Further evidence that the world of the forest revolves around #fungi. If you’ve hiked with me, you’ve heard me rhapsodize about how integral fungi are to the forest system. Case in point: I’ve recently encountered several red efts hanging around mushrooms. Unlike box turtles (herpeto-kin of efts), efts don’t eat mushrooms. These bright young newts are carnivorous. They are hunters -- tiny dinos of the duff. Efts are drawn to mushrooms because lots of little critters are drawn to mushrooms. They prey on the flies, beetles, and slugs that are found feasting on fungi. The attraction that mushrooms hold for efts has been documented in the literature. Fifty years ago a team of biologists in Massachusetts studied the movement of efts through the forest, and they observed that efts “were often found clustered around decaying mushrooms. As many as seven efts were observed near one mushroom feeding on adult and larval dipterans [flies].”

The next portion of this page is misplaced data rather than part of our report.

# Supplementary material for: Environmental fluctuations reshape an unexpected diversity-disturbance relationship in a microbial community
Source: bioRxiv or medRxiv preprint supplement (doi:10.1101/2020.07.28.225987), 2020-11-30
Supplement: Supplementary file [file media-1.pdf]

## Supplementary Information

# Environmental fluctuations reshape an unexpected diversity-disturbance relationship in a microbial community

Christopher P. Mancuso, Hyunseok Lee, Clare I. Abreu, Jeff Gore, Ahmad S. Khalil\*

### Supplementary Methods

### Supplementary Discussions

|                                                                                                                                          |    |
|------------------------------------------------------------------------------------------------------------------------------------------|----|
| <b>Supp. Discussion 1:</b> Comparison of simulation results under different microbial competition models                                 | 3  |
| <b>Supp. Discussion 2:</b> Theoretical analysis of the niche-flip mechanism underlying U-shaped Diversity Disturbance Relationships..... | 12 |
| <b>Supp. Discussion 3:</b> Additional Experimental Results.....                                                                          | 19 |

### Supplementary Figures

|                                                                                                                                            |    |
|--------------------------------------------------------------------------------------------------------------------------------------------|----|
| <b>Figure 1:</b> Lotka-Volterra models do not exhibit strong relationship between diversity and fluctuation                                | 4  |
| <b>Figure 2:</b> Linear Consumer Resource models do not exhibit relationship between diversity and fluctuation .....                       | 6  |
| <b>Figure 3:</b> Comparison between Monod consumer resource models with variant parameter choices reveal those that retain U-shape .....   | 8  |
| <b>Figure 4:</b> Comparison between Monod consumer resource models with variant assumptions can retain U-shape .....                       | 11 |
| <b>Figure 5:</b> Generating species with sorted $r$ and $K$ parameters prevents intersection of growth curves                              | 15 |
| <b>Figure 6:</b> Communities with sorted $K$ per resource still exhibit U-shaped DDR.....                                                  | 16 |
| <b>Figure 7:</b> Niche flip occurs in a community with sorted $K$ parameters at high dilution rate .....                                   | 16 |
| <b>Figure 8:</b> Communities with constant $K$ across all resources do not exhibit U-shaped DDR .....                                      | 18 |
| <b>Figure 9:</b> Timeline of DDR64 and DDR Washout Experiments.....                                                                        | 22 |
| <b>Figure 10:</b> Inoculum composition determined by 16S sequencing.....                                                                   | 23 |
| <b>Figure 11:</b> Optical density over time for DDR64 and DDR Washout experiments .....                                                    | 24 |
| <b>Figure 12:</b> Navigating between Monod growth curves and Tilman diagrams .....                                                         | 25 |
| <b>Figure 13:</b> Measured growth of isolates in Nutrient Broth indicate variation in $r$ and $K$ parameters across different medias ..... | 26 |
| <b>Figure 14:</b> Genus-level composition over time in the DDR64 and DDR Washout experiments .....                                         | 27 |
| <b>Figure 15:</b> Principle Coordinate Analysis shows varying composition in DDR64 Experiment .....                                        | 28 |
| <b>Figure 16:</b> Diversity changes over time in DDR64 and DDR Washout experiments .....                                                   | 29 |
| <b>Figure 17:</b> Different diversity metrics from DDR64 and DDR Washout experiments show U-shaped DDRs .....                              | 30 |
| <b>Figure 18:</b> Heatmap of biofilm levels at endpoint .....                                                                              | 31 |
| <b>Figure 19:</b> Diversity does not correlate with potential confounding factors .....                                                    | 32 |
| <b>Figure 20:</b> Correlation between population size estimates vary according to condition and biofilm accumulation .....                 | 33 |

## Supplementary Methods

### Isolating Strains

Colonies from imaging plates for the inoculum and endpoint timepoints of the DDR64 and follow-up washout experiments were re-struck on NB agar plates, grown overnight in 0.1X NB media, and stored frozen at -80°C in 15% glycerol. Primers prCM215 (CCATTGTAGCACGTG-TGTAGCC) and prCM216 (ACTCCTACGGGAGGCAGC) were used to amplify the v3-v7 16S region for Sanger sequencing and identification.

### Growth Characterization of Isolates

Fungi translate tough, indigestible plant carbohydrates into soft (and mushy!) proteins and carbs that are readily consumed by many different organisms (even other fungi, known as hypomyces). A mushroom’s raison d’etre is to disperse spores into the world. They do this in a myriad of ways, but some fungi make soft and nutritious mushrooms that attract critters who, like pollinators visiting flowers, help the fungus spread its spores. Like flowers, mushrooms use an array of features to attract invertebrates. Some are brightly colored and others smell rich or like rotting flesh. A few, like the Jack-O-Lanterns featured in the photo above, glow in the dark -- presumably to attract insects at night. Consequently, many mushrooms are covered in tiny flies and beetles, while simultaneously being devoured by a slug or snail.
To an eft, a mushroom must be one of the most beautiful objects in the world. Efts worship at their feet, undoubtedly murmuring gratitude to the fungi gods as they feast on little critters drawn to the feast.